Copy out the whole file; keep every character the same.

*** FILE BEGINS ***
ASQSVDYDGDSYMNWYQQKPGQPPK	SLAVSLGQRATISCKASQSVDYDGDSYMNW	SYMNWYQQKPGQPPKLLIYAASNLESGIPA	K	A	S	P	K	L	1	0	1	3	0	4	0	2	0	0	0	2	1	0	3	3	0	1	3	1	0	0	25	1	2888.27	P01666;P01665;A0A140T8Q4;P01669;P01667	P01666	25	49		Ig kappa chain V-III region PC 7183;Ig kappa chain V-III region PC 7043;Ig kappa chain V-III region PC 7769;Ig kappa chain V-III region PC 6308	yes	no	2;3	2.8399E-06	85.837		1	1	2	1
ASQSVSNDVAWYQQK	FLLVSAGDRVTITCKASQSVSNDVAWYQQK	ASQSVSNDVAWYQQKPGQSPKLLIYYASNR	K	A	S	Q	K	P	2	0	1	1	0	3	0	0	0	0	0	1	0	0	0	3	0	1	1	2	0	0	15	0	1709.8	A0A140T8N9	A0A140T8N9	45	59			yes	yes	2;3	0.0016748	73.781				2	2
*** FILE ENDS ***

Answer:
ASQSVDYDGDSYMNWYQQKPGQPPK	SLAVSLGQRATISCKASQSVDYDGDSYMNW	SYMNWYQQKPGQPPKLLIYAASNLESGIPA	K	A	S	P	K	L	1	0	1	3	0	4	0	2	0	0	0	2	1	0	3	3	0	1	3	1	0	0	25	1	2888.27	P01666;P01665;A0A140T8Q4;P01669;P01667	P01666	25	49		Ig kappa chain V-III region PC 7183;Ig kappa chain V-III region PC 7043;Ig kappa chain V-III region PC 7769;Ig kappa chain V-III region PC 6308	yes	no	2;3	2.8399E-06	85.837		1	1	2	1
ASQSVSNDVAWYQQK	FLLVSAGDRVTITCKASQSVSNDVAWYQQK	ASQSVSNDVAWYQQKPGQSPKLLIYYASNR	K	A	S	Q	K	P	2	0	1	1	0	3	0	0	0	0	0	1	0	0	0	3	0	1	1	2	0	0	15	0	1709.8	A0A140T8N9	A0A140T8N9	45	59			yes	yes	2;3	0.0016748	73.781				2	2